October 5, 2021
LAKE WORTH, Texas — Two Navy pilots were seriously injured after their plane crashed into a Lake Worth neighborhood on Sept. 19.
Lake Worth Police Chief JT Manoushagian said the department received a call regarding a downed plane between the 4000 blocks of Tejas Trail and Dakota Street just before 11 a.m.
The two pilots were ejected from the Navy T-45C Goshawk jet before it crashed in a backyard at approximately 10:53 a.m. Three people received minor injuries and three homes were damaged by the crash.The pilots were conducting a routine training flight from Corpus Christi International Airport, the Naval Air Training Command stated in a tweet.The aircraft was assigned to Training Air Wing 2 at Naval Air Station Kingsville.
The first responding officers arrived at the scene at 10:55 a.m., to find one pilot caught in power lines and electrocuted.
“With the help of off-duty firefighters who had stopped to help, the officer and firefighters were able to free the pilot and disconnect him from his parachute,” the Lake Worth Police Department (LWPD) stated in a press release.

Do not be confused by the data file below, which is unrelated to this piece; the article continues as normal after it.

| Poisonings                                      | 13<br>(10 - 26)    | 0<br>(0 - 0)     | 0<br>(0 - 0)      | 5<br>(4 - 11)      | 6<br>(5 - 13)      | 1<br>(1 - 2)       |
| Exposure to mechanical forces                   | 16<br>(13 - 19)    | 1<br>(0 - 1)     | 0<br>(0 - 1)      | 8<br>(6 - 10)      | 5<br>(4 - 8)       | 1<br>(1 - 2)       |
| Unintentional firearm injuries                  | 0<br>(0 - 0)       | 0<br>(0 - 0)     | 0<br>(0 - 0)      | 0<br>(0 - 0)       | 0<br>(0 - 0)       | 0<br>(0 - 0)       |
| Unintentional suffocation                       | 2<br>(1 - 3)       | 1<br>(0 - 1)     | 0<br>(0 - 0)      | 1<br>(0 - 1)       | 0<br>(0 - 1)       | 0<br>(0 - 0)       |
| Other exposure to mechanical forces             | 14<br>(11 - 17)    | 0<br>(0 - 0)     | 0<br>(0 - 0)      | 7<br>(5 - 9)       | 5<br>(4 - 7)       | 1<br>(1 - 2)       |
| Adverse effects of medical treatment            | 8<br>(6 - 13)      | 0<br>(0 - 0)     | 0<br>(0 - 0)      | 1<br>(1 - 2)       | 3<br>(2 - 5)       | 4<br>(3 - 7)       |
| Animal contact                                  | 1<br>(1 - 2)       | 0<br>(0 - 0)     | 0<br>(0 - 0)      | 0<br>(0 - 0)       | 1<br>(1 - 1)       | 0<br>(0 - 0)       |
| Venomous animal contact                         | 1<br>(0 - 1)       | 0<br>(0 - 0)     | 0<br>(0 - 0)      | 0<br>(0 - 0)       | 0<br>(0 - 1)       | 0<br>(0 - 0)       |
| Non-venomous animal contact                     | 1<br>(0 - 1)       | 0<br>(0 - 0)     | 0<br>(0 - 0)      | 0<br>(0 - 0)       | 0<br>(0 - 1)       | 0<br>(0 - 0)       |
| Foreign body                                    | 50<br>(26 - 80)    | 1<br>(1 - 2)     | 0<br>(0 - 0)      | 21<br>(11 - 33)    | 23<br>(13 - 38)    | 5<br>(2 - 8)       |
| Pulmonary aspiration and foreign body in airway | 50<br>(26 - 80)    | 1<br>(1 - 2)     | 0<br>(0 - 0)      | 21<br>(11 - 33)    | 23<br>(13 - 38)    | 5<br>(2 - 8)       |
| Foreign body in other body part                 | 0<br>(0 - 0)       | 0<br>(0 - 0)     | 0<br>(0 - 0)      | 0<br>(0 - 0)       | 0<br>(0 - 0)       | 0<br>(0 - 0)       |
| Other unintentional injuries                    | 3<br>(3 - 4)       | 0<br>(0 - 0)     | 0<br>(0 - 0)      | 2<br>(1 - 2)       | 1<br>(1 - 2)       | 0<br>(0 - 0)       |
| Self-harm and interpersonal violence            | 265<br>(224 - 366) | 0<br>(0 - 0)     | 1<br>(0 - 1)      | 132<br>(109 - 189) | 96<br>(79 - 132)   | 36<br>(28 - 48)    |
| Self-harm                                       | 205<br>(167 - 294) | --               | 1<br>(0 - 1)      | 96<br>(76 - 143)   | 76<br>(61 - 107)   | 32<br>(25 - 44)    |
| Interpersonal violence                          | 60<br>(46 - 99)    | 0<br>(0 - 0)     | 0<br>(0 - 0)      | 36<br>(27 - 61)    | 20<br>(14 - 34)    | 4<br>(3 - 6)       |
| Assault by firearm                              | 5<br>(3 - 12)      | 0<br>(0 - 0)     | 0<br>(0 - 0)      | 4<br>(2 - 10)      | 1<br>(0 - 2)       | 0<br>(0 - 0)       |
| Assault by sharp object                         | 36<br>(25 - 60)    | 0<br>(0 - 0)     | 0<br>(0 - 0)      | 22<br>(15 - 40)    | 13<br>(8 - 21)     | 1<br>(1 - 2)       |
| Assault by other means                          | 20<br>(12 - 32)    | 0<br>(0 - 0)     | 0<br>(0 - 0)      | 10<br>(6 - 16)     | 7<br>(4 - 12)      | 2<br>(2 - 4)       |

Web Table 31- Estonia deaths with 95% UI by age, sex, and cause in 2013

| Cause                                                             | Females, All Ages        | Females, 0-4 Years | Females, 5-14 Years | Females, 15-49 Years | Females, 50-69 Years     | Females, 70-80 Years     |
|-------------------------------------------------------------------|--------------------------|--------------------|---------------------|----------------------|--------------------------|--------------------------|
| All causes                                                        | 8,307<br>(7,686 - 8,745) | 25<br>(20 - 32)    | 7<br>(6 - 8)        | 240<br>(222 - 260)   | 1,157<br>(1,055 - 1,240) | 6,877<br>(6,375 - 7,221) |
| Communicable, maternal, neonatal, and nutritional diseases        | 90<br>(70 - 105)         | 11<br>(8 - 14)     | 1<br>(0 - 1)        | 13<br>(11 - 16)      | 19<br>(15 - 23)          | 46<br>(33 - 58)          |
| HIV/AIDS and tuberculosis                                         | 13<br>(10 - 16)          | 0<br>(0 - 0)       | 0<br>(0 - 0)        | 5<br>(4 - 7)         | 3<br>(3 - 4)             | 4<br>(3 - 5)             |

Although badly burned, the pilot was conscious, alert and breathing, the department said.
The second pilot was located a short distance away in a wooded area with “serious, but non-life-threatening injuries.”
Both pilots were transported to a nearby hospital, Lake Worth Fire Chief Ryan Arthur said. The instructor pilot was released Sept. 21 while the student pilot is still receiving medical care. Neither of them have been identified at this time.
“This incident could have been much worse, knowing that this plane went down in a residential area here in Lake Worth,” Arthur said.
LWPD officials speculate there have been thousands, if not millions of flights over the city and that they’ve never had any mishap until Sunday, and that they’re grateful everyone is alive.
“Despite some headlines, this incident is a neighborhood miracle,” the department said. “The fact that there were no casualties is indeed a miracle.”
More homes were affected by smoke and debris after the crash. However, the Naval Facilities Engineering Systems Command (NAVFAC) said on Sept. 30 that their southeast environmental team has completed the cleanup.